Discovery of subatomic particles A Crookes tube is a sealed glass container in which two electrodes are separated by a vacuum. When a voltage is applied across the electrodes, cathode rays are generated, creating a glowing patch where they strike the glass at the opposite end of the tube. Through experimentation, Thomson discovered that the rays could be deflected by an electric field (in addition to magnetic fields, which was already known). He concluded that these rays, rather than being a form of light, were composed of very light negatively charged particles he called "corpuscles" (they would later be renamed electrons by other scientists).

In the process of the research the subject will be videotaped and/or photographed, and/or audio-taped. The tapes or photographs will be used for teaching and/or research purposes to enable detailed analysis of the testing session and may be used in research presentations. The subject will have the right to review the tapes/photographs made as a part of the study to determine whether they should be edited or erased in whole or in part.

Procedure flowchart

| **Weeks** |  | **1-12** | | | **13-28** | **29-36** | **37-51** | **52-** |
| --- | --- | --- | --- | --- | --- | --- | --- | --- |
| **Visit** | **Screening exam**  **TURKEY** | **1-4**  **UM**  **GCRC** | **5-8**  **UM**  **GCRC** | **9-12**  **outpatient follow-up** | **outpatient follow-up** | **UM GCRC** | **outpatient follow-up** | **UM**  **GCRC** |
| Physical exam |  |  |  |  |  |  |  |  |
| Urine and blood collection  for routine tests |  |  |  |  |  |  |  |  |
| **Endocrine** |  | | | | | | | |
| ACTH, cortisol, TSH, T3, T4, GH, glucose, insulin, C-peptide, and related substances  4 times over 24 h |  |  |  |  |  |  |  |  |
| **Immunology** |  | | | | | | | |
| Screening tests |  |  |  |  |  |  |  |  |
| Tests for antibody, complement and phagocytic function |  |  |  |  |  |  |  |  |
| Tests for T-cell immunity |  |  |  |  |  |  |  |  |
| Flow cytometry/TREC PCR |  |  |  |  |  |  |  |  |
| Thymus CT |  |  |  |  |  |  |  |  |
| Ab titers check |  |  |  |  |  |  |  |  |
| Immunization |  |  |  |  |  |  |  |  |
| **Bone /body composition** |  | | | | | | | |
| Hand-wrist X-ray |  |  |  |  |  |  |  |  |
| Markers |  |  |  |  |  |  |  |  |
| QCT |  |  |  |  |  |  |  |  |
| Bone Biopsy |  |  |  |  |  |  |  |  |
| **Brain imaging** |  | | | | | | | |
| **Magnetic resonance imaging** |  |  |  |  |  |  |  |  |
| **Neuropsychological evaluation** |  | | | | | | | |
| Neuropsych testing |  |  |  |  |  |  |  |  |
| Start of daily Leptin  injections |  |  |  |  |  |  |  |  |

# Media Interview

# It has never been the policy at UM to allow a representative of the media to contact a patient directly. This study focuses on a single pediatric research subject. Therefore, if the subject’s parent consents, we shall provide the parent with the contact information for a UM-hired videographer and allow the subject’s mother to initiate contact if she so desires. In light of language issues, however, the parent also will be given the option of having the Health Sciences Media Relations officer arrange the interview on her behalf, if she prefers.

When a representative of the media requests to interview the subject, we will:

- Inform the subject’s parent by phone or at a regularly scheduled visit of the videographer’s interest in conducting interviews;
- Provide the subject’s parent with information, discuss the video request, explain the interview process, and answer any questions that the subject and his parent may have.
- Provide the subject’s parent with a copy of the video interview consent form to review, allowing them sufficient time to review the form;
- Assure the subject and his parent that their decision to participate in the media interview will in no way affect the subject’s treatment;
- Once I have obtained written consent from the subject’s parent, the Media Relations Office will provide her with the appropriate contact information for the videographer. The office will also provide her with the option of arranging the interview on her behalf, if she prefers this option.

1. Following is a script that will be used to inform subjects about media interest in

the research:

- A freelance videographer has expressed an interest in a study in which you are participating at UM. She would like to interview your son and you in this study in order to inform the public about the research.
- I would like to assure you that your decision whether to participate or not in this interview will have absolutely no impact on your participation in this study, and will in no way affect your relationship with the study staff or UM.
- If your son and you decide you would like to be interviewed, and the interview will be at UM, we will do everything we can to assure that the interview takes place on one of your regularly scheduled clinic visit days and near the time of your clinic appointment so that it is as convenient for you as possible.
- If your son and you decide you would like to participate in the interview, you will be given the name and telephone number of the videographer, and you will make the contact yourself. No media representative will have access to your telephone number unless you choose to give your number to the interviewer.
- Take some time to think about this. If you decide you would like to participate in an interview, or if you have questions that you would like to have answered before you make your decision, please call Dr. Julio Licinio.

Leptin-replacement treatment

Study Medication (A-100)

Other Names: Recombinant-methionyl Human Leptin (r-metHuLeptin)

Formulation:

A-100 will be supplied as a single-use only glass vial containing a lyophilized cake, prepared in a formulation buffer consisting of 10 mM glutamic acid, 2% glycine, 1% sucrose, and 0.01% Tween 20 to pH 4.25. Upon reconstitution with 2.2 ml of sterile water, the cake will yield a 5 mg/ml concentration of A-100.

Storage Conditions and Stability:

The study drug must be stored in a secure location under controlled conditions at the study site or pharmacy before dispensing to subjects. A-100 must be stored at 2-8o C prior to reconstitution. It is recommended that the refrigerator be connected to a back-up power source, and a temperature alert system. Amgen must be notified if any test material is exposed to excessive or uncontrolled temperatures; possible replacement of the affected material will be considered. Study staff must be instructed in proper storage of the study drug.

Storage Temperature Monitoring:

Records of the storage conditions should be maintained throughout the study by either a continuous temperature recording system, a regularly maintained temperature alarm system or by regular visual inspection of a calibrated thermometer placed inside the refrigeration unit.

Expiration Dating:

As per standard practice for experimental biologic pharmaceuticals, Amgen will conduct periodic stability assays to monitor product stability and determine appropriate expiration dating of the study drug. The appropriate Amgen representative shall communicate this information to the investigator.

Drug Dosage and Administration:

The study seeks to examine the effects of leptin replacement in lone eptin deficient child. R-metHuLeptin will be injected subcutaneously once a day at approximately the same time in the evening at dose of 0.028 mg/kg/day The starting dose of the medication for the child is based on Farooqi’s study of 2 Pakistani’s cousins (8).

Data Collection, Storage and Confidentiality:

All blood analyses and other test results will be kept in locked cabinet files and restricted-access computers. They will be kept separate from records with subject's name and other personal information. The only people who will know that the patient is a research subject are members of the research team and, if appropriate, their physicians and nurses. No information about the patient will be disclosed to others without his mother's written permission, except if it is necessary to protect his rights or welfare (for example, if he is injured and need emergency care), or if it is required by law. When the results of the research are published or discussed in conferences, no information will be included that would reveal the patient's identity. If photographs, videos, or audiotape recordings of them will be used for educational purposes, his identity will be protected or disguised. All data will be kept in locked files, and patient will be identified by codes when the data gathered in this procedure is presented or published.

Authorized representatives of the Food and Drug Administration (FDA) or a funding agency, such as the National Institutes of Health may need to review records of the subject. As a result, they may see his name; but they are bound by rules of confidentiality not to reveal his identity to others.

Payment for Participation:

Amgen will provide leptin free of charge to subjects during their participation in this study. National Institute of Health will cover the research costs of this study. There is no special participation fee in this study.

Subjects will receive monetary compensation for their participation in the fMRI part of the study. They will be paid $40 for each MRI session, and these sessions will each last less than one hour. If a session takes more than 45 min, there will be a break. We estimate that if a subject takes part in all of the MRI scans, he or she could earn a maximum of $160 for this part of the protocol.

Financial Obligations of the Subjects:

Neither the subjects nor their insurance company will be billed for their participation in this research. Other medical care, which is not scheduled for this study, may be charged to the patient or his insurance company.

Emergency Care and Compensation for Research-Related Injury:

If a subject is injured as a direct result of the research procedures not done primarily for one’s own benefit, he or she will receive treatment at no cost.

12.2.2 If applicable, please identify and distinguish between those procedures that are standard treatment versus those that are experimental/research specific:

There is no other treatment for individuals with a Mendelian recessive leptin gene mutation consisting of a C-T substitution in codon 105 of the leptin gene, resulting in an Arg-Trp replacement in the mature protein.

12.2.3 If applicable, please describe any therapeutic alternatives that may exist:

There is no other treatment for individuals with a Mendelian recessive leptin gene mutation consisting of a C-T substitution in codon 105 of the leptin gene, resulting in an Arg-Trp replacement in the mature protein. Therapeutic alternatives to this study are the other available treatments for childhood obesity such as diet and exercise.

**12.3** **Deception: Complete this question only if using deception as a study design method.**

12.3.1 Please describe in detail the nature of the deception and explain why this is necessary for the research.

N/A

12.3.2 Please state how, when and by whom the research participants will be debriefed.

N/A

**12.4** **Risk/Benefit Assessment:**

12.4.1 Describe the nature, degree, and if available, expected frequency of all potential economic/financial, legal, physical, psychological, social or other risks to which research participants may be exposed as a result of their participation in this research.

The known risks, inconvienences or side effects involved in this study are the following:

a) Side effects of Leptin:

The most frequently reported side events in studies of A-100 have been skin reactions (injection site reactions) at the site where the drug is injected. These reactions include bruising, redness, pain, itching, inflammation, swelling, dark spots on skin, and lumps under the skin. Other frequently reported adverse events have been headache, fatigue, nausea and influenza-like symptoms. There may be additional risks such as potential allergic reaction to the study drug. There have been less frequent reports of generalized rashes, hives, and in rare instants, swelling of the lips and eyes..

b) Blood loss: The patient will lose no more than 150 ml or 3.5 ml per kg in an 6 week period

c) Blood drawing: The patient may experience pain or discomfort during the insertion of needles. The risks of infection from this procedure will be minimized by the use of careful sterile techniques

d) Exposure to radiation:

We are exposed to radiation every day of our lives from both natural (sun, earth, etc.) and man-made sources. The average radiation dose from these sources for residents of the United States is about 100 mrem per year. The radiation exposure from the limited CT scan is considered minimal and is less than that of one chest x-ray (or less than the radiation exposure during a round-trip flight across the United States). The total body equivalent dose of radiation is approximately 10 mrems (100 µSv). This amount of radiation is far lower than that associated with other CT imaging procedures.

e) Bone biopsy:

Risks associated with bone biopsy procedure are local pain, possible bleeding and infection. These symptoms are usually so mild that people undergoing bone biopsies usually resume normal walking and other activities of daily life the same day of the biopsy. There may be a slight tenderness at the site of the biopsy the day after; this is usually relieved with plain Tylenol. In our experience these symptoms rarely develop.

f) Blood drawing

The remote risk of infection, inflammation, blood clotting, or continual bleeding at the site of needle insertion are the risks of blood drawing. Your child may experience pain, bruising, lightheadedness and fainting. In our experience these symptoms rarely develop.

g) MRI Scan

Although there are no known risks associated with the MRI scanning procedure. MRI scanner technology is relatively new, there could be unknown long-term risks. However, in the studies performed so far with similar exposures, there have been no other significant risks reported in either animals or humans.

Thomson believed that the corpuscles emerged from the molecules of gas around the cathode. He thus concluded that atoms were divisible, and that the corpuscles were their building blocks. To explain the overall neutral charge of the atom, he proposed that the corpuscles were distributed in a uniform sea of positive charge; this was the plum pudding model as the electrons were embedded in the positive charge like plums in a plum pudding (although in Thomson's model they were not stationary). Thomson's illustration of the Crookes tube by which he proved the particle nature of cathode rays. Cathode rays were emitted from the cathode C, sharpened to a beam by slits A and B, then passed through the electric field generated between plates D and E. When the cathode ray (blue line) passed through the electric field (yellow), it was deflected.